Congress thereafter established the Post Office and passed restrictions on private mail carriers. Act of Feb. 20, 1792, ch. 7, §§ 3, 14, 1 Stat. 234, 236. The Postal Act of 1845 granted the Post Office exclusive rights to transmit letters and "other mailable matter." Act of Mar. 3, 1845, ch. 43, § 10, 5 Stat. 736. Those statutes created the postal "monopoly" privileges (subject to specified exceptions) that persist in similar form today over the carriage of letters in and from the United States. Those restrictions serve to protect the revenues of the Postal Service to fulfill its mission of serving all customers. Air Courier Conference v. American Postal Workers Union, 498 U.S. 517, 519 (1991) (citing 39 U.S.C. 601-606 and 18 U.S.C. 1693-1699); Regents of the Univ. of Cal. v. Public Employment Relations Bd., 485 U.S. 589, 593-594, 598 (1988); Joseph F. Johnston, Jr., The United States Postal Monopoly, 23 Bus. Law. 379, 386 (1968). Congress later formally established the Post Office Department as part of the Executive Branch. Act of June 8, 1872, ch. 335, 17 Stat. 283. Accordingly, the sovereign status of postal operations was firmly established when Congress passed the Sherman Act in 1890 and the Clayton Act in 1914 in order to prevent monopolization and other anti-competitive behavior by non-federal enterprises.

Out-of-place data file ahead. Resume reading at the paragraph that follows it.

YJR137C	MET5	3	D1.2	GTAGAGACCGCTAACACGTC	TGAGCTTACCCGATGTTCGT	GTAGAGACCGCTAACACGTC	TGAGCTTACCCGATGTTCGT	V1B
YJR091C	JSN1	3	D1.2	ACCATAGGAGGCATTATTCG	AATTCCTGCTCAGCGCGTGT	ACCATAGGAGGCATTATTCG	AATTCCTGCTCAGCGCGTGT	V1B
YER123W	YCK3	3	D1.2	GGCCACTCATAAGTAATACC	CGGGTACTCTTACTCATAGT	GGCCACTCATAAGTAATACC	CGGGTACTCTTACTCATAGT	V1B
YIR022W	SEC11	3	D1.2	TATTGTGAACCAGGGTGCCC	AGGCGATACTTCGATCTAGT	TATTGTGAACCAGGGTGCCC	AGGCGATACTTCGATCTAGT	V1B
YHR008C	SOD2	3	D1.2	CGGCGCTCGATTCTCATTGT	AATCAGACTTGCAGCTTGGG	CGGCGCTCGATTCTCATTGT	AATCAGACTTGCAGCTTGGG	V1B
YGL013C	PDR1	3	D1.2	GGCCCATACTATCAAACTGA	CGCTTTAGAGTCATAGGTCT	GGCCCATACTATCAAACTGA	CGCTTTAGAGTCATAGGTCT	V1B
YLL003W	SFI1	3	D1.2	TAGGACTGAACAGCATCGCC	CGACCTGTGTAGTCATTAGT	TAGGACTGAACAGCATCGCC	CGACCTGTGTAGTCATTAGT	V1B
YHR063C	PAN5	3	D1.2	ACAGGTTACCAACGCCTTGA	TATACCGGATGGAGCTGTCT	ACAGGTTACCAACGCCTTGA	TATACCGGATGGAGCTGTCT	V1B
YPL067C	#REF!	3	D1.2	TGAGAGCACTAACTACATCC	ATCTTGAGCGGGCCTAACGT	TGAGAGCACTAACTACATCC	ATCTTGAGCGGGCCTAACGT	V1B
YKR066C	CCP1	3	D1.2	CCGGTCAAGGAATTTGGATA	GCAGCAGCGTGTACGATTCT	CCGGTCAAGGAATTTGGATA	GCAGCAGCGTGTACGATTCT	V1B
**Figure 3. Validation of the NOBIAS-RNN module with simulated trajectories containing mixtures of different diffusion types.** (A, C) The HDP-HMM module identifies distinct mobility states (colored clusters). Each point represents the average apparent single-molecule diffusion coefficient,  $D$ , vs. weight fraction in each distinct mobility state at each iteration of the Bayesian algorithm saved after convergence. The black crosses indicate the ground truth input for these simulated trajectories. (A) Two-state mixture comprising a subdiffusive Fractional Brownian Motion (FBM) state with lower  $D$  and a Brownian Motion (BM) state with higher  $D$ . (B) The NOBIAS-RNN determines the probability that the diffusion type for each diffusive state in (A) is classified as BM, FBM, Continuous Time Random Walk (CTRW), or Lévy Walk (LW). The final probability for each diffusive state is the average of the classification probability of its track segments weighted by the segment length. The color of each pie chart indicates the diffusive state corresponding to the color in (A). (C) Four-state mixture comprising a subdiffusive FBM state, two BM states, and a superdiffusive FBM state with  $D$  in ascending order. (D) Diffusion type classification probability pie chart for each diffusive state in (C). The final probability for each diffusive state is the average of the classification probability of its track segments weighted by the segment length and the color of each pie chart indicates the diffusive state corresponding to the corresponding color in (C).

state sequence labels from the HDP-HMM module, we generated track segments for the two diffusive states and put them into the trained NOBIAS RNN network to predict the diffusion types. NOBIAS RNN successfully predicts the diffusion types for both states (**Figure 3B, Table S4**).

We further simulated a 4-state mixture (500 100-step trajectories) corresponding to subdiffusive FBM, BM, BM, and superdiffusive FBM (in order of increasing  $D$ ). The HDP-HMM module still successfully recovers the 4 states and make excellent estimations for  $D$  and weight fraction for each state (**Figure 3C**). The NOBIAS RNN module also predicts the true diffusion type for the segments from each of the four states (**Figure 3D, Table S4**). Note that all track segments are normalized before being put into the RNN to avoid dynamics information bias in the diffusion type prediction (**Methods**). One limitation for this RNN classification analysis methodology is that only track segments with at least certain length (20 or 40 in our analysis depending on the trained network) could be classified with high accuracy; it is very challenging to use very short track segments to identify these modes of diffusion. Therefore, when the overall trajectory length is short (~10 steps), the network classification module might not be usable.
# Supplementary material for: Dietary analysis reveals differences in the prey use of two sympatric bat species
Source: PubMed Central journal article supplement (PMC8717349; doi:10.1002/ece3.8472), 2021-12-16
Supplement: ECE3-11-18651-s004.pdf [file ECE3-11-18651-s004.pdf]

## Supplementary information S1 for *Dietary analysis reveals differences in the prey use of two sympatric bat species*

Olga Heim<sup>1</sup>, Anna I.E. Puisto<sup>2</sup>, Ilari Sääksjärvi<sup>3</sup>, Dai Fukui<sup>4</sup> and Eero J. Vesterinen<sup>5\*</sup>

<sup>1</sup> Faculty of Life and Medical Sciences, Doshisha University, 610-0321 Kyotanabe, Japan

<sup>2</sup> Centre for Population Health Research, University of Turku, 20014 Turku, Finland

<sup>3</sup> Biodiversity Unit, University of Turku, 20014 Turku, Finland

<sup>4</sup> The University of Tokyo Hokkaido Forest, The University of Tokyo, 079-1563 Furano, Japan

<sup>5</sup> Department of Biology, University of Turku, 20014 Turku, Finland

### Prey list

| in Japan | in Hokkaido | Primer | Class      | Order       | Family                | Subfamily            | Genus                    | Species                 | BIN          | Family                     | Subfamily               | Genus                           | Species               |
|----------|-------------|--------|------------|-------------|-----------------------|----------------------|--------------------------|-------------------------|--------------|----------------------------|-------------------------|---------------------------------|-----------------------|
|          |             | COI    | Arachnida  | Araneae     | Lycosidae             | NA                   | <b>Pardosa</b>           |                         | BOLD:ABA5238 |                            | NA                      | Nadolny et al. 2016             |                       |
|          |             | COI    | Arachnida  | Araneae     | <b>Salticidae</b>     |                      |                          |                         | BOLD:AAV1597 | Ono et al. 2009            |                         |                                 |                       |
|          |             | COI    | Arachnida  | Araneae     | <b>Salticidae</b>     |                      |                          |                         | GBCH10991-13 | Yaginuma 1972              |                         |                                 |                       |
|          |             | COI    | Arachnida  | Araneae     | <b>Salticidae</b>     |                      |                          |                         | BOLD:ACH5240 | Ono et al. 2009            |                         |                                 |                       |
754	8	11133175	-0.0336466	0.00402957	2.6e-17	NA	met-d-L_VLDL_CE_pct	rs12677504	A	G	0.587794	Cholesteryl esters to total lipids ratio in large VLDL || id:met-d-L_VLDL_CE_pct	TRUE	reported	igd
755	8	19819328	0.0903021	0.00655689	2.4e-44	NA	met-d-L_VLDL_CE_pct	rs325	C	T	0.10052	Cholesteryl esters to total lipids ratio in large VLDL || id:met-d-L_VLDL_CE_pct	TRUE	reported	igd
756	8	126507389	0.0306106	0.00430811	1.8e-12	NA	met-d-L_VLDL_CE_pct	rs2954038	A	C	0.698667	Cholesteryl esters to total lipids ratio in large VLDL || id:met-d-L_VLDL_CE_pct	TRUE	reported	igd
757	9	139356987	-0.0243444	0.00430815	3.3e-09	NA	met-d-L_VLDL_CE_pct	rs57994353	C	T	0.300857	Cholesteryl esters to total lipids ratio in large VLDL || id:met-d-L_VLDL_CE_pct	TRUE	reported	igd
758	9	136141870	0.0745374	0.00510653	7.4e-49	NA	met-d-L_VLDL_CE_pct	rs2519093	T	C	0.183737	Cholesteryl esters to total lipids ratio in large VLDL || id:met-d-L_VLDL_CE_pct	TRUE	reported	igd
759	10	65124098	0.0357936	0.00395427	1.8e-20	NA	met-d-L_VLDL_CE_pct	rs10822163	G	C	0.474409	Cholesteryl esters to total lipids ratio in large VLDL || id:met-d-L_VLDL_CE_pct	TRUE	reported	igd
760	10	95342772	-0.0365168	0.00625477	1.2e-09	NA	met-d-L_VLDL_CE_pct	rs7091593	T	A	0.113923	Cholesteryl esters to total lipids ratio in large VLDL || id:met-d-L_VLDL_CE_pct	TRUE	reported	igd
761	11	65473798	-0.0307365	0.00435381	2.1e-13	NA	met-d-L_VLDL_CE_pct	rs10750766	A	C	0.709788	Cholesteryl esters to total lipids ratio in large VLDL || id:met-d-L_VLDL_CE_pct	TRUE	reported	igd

At the same time, the Post Office Department underwent several notable changes. In addition to geographically expanding into new territories such as Alaska and Hawaii near the turn of the century, the Post Office initiated free delivery service for America's rural population, and in 1913 began parcel post service despite significant opposition from private "express companies." Carl H. Scheele, A Short History of the Mail Service 106-110, 114-118, 143-146 (1970). Those expanded postal services, along with population growth and industrialization, increased the amount of mail handled by the Post Office from approximately 5 billion pieces in 1895 to over 18 billion in 1913, which in turn spurred the Post Office to purchase high-volume machinery and equipment to meet its public responsibilities. Id. at 120-121, 139.
Despite its increased commercial activities as a purchaser of goods and services, and as a competitor in parcel post services, the Post Office retained its character as an arm of the United States. Postal operations were managed directly by a cabinet-level officer, the Postmaster General, subject to Acts of Congress that dictated the Post Office Department's wages, capital spending, office locations, and postal rates. Tierney 10 (noting that congressional control over the Post Office extended "[t]o a degree unmatched in any other executive agency or department").